Tag Archives: Royal Court Theatre

not I footfalls rockaby

Review of Not I / Footfalls / Rockaby by Samuel Beckett

I went to see a trio of short Beckett plays at the Cambridge Arts Theatre a few days ago, and I arrived in the foyer four minutes before the show started with a slightly run-ragged soul – you know, I’m sure, the state of being where you’ve been running (metaphorically) for a long time and tending to multiple important fires that must not go out in your life, and your holiday is just over the next hill, but you need to keep going…a little longer.  I didn’t really think I had time for the theatre, for Beckett, to be ‘out’.  But – of course – it was worth it.

I knew a little about Samuel Beckett from my English studies – that he had won the Nobel Prize for Literature, that he was artistically oriented on the squeaking, abstract hinge between modernism and post-modernism, that he was Irish – but having never studied him directly or inquired more deeply on my own, that was about it, and I had never seen any of his plays performed before.   This show – three short one-act plays from his late period, performed one after the other with brief pauses between them – Not I (1972), Footfalls (1975), and Rockaby (1980) – was produced by the Royal Court Theatre and is now making its way around the country on a tour after a critically-acclaimed run in the West End.  I didn’t know any of that before I stepped into the theatre – a friend had just texted at the last minute with the offer of a free ticket, and so I finished what I was doing and rushed there.  I learned afterwards that the production links directly back to Beckett himself: that the director was Walter Asmus, Beckett’s longtime friend and collaborator and the director of a production of Waiting for Godot widely described as ‘the definitive one’; also that the actress for each of these one-woman shows, Lisa Dwan, was tutored for the play Not I by Billie Whitelaw, who performed the role at its 1973 premiere and who was personally coached for the part by Beckett himself.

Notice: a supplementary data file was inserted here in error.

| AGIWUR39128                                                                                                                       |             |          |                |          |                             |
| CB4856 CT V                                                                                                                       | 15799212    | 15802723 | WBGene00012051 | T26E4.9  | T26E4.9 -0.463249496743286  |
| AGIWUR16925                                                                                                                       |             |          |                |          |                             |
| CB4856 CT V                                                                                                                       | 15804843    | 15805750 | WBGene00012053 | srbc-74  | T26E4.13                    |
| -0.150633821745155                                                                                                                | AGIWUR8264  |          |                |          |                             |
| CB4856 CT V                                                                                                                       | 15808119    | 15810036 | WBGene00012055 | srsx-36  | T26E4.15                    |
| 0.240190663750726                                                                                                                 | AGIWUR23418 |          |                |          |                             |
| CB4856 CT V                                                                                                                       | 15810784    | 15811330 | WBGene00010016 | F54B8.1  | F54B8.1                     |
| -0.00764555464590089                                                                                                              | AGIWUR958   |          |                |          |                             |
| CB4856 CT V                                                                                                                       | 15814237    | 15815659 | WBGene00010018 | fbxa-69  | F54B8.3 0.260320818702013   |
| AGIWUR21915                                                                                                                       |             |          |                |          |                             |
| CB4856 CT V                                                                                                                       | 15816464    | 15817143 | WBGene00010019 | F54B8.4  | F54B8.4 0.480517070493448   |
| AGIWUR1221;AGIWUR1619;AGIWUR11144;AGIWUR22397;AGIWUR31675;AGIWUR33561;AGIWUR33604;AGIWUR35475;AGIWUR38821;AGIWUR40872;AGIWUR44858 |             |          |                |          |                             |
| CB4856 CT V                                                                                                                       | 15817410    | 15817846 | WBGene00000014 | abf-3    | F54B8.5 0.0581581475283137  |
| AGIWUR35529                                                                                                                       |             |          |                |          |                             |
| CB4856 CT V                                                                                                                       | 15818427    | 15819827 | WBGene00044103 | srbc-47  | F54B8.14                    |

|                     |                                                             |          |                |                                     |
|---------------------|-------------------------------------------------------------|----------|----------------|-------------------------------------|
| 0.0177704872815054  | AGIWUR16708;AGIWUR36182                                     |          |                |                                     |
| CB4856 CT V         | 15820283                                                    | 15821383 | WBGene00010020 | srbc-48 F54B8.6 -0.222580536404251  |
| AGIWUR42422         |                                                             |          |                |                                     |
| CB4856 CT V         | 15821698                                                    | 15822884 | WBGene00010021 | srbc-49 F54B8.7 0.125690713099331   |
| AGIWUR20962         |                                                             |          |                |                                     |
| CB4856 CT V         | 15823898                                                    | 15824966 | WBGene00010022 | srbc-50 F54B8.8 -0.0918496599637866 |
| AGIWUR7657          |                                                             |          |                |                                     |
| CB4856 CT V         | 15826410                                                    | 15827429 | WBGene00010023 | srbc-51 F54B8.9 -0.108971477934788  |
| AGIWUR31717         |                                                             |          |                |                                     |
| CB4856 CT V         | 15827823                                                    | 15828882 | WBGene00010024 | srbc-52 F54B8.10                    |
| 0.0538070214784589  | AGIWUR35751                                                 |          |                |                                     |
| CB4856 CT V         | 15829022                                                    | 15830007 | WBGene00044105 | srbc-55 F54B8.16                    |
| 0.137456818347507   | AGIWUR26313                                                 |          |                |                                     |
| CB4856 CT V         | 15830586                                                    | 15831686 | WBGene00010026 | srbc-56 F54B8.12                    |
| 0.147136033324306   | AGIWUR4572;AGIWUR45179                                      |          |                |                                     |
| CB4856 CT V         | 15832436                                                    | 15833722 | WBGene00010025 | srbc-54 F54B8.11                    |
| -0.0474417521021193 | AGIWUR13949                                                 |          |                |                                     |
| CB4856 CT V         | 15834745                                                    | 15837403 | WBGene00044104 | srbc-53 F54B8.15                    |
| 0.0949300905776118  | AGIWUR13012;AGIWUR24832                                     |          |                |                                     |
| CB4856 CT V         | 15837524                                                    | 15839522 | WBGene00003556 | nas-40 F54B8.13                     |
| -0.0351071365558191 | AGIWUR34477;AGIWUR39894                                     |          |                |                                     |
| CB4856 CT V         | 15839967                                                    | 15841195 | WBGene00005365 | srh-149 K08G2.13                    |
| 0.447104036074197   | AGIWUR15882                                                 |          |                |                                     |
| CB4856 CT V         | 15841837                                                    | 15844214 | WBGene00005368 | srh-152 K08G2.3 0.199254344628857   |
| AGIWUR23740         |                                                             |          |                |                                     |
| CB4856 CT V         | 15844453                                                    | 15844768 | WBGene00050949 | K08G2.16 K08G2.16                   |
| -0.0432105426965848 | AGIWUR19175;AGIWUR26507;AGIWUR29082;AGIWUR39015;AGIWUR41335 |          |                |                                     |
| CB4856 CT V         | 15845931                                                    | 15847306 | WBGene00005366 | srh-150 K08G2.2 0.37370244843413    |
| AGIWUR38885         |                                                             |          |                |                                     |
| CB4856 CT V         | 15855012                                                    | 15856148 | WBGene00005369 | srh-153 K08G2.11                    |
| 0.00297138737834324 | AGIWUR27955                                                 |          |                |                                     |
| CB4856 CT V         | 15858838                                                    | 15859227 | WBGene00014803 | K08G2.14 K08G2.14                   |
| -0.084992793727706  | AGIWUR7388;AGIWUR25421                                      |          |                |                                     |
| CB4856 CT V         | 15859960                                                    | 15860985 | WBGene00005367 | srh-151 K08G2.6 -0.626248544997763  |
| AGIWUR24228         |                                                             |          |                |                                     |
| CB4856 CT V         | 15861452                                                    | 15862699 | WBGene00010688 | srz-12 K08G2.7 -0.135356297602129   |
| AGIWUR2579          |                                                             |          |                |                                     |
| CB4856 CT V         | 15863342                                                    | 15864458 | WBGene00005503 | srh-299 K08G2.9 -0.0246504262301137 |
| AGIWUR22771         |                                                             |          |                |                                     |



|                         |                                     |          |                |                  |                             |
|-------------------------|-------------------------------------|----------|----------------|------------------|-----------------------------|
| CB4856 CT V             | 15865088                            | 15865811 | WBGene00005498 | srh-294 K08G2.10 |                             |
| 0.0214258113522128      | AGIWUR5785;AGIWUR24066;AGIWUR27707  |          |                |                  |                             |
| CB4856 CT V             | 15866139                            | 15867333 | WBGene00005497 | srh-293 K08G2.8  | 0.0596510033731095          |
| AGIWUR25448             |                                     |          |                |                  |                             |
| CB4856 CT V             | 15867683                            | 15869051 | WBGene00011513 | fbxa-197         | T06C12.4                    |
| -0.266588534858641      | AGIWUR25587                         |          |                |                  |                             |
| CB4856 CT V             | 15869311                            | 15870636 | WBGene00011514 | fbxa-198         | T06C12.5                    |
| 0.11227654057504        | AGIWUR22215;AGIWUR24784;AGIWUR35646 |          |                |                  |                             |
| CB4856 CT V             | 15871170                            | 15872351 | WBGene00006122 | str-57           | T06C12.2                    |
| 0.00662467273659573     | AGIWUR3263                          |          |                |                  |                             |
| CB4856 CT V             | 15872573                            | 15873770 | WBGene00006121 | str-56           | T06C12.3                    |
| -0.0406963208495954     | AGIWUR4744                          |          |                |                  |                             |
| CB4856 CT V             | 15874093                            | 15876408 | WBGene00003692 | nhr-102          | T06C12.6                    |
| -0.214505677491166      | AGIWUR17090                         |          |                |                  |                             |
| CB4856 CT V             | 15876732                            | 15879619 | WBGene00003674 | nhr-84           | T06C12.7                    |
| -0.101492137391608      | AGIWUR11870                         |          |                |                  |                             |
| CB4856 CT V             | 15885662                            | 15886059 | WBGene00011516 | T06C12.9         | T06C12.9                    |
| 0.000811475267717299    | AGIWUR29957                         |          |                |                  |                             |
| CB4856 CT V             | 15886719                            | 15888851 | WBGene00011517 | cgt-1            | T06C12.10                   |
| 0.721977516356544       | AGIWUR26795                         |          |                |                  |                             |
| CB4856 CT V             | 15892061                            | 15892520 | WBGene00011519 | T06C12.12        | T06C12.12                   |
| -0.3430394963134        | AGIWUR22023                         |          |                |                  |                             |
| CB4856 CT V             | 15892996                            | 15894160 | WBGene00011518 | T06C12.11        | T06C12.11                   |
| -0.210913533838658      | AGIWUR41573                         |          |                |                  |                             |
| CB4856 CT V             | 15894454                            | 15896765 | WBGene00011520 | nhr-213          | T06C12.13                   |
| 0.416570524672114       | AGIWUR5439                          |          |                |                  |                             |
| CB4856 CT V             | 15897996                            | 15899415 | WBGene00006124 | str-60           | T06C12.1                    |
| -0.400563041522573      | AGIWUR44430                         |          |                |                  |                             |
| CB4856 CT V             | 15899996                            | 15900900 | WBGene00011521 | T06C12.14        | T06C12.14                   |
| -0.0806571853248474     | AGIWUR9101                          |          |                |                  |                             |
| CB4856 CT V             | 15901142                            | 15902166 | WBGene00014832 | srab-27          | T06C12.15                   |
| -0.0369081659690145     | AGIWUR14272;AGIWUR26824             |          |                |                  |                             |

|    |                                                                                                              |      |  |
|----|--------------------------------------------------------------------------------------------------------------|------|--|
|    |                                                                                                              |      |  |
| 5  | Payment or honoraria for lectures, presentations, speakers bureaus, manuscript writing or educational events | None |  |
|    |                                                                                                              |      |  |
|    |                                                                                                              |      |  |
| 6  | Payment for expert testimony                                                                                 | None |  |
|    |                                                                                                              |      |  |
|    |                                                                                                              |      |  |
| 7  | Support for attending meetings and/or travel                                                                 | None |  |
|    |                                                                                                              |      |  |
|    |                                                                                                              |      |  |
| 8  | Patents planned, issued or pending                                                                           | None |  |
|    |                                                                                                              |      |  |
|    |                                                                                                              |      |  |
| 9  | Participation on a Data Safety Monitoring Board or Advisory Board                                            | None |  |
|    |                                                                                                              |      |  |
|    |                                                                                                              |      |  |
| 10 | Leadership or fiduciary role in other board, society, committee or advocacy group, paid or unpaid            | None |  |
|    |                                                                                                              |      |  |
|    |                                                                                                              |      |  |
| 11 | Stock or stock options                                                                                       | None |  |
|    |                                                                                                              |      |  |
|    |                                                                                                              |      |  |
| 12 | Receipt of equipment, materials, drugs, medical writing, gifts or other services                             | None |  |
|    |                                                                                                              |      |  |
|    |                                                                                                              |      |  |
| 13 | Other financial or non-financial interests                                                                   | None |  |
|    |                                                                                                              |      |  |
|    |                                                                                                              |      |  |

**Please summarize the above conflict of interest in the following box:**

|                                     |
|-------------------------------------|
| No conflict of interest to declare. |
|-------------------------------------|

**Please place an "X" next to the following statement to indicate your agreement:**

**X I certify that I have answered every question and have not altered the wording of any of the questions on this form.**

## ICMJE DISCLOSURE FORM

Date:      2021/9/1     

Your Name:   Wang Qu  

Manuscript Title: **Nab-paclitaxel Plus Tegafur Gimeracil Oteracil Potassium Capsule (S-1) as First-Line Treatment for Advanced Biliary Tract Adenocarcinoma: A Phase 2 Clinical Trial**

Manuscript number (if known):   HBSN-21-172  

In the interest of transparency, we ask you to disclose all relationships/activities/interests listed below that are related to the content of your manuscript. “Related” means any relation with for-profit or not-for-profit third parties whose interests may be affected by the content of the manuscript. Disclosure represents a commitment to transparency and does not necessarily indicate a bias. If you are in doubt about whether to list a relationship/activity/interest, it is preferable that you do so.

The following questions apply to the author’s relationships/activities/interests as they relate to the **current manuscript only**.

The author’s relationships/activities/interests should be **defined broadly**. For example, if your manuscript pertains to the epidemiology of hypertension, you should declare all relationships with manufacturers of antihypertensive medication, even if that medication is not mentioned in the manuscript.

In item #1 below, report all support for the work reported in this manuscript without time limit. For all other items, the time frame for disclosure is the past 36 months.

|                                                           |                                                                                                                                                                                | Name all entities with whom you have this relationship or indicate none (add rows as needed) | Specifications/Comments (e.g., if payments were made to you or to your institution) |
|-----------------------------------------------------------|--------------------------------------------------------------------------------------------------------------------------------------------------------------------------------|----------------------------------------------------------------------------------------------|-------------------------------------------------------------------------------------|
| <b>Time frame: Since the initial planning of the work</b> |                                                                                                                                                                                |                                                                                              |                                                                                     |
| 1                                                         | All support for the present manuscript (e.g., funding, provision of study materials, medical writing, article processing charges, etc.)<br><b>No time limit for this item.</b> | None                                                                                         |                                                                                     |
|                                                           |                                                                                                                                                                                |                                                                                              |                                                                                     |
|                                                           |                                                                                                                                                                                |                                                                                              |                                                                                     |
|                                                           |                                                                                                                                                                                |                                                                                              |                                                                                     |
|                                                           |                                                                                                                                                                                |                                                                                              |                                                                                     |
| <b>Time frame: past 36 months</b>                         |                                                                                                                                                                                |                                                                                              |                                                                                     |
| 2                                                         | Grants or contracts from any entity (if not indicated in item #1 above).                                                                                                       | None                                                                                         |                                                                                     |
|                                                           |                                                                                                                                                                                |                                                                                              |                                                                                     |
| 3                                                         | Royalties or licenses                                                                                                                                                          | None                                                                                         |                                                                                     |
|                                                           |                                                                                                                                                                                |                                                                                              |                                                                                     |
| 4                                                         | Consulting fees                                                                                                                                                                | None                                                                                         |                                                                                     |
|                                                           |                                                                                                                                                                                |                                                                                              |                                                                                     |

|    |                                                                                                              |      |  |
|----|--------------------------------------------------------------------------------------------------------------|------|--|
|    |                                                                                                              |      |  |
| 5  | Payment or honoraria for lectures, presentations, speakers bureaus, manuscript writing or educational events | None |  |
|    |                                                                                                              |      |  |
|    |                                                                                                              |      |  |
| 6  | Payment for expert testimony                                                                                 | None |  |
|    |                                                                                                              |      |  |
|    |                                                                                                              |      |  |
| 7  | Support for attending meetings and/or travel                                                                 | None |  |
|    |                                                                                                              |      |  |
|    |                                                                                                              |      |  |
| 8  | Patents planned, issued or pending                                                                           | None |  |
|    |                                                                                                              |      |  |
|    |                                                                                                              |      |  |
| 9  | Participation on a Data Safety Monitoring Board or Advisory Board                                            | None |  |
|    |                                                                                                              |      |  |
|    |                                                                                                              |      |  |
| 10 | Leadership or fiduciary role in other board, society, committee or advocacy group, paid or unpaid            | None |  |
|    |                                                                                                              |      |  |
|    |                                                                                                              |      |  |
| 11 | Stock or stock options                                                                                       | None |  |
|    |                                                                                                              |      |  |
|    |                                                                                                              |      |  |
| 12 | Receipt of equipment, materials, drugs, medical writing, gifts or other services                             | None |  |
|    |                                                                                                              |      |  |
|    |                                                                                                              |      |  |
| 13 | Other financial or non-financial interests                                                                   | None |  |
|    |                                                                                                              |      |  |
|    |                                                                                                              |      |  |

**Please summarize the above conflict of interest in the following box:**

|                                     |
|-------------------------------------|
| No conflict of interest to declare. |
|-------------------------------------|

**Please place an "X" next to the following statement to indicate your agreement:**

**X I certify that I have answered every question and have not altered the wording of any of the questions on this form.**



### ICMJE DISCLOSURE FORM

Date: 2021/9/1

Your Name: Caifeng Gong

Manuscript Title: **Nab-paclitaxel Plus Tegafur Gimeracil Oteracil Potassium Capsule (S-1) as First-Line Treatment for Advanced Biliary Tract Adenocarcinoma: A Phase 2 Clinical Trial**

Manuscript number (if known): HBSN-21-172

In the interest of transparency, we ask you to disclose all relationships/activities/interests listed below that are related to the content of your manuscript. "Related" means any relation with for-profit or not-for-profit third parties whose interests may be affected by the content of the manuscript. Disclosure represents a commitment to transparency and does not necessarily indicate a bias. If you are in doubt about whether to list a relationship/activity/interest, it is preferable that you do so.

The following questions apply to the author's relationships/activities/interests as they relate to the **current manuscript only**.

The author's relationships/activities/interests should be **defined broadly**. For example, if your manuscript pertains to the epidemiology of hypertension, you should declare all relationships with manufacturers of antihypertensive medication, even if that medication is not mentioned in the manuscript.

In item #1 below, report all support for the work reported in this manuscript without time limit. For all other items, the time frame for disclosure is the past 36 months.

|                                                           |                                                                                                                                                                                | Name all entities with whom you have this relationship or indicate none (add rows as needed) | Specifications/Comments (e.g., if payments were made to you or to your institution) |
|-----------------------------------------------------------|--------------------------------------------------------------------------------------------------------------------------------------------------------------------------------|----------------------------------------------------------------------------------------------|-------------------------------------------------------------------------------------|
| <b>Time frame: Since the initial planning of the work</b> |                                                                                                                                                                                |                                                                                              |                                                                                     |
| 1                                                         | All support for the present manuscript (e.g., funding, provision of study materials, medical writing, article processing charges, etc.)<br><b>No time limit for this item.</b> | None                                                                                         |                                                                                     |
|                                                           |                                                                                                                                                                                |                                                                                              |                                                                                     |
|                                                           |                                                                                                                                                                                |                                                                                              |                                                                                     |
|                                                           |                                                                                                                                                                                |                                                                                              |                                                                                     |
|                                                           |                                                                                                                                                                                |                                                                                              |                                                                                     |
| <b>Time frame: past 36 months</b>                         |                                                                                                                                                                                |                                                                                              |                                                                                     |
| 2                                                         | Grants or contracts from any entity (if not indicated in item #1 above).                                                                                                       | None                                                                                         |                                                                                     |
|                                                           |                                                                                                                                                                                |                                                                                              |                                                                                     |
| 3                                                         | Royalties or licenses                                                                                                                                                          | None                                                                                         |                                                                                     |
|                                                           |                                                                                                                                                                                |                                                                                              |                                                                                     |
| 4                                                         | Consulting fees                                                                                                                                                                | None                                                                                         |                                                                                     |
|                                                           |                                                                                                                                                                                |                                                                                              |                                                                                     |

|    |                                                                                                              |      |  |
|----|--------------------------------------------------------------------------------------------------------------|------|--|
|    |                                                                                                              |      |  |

samuel beckett

Samuel Beckett at the Royal Court theatre, London, with Billie Whitelaw in May 1979. Photograph: John Haynes/Lebrecht/Lebrecht Music & Arts

But it felt good to not know.  It was interesting to take a tired soul into the theatre and see what happened to it there and to encounter Beckett directly for the first time with no previously determined critical overlay. To discover that something coiled up tight inside me stretched out and relaxed in response to the absence of light and the absence of sense.  Because the first thing that happened was that we were engulfed in darkness, and a single, small spotlight appeared on a mouth hovering five feet in the air above the stage, which spoke a stream-of-consciousness jumble of words spoken at the speed of thought.  This was the first play, Not I.  My mind couldn’t follow any perceived trail of coherence through the work, because it was a collage, just snapshots of thoughts, spoken lightning fast. And so my mind gave up – and relaxed (deeply…for the first time in ages).  And the dark felt so dark…it made me feel liberated from my body in a way, from the clothes I chose to wear, my identity, my friend beside me – it felt like I was also hovering, a disembodied being or consciousness – just thoughts.  The words were the mundane mixed in with the profound, mixed up with the profound, with contemplations of mortality hidden under and sometimes bursting out from thoughts about the everyday.  It was riveting and powerful.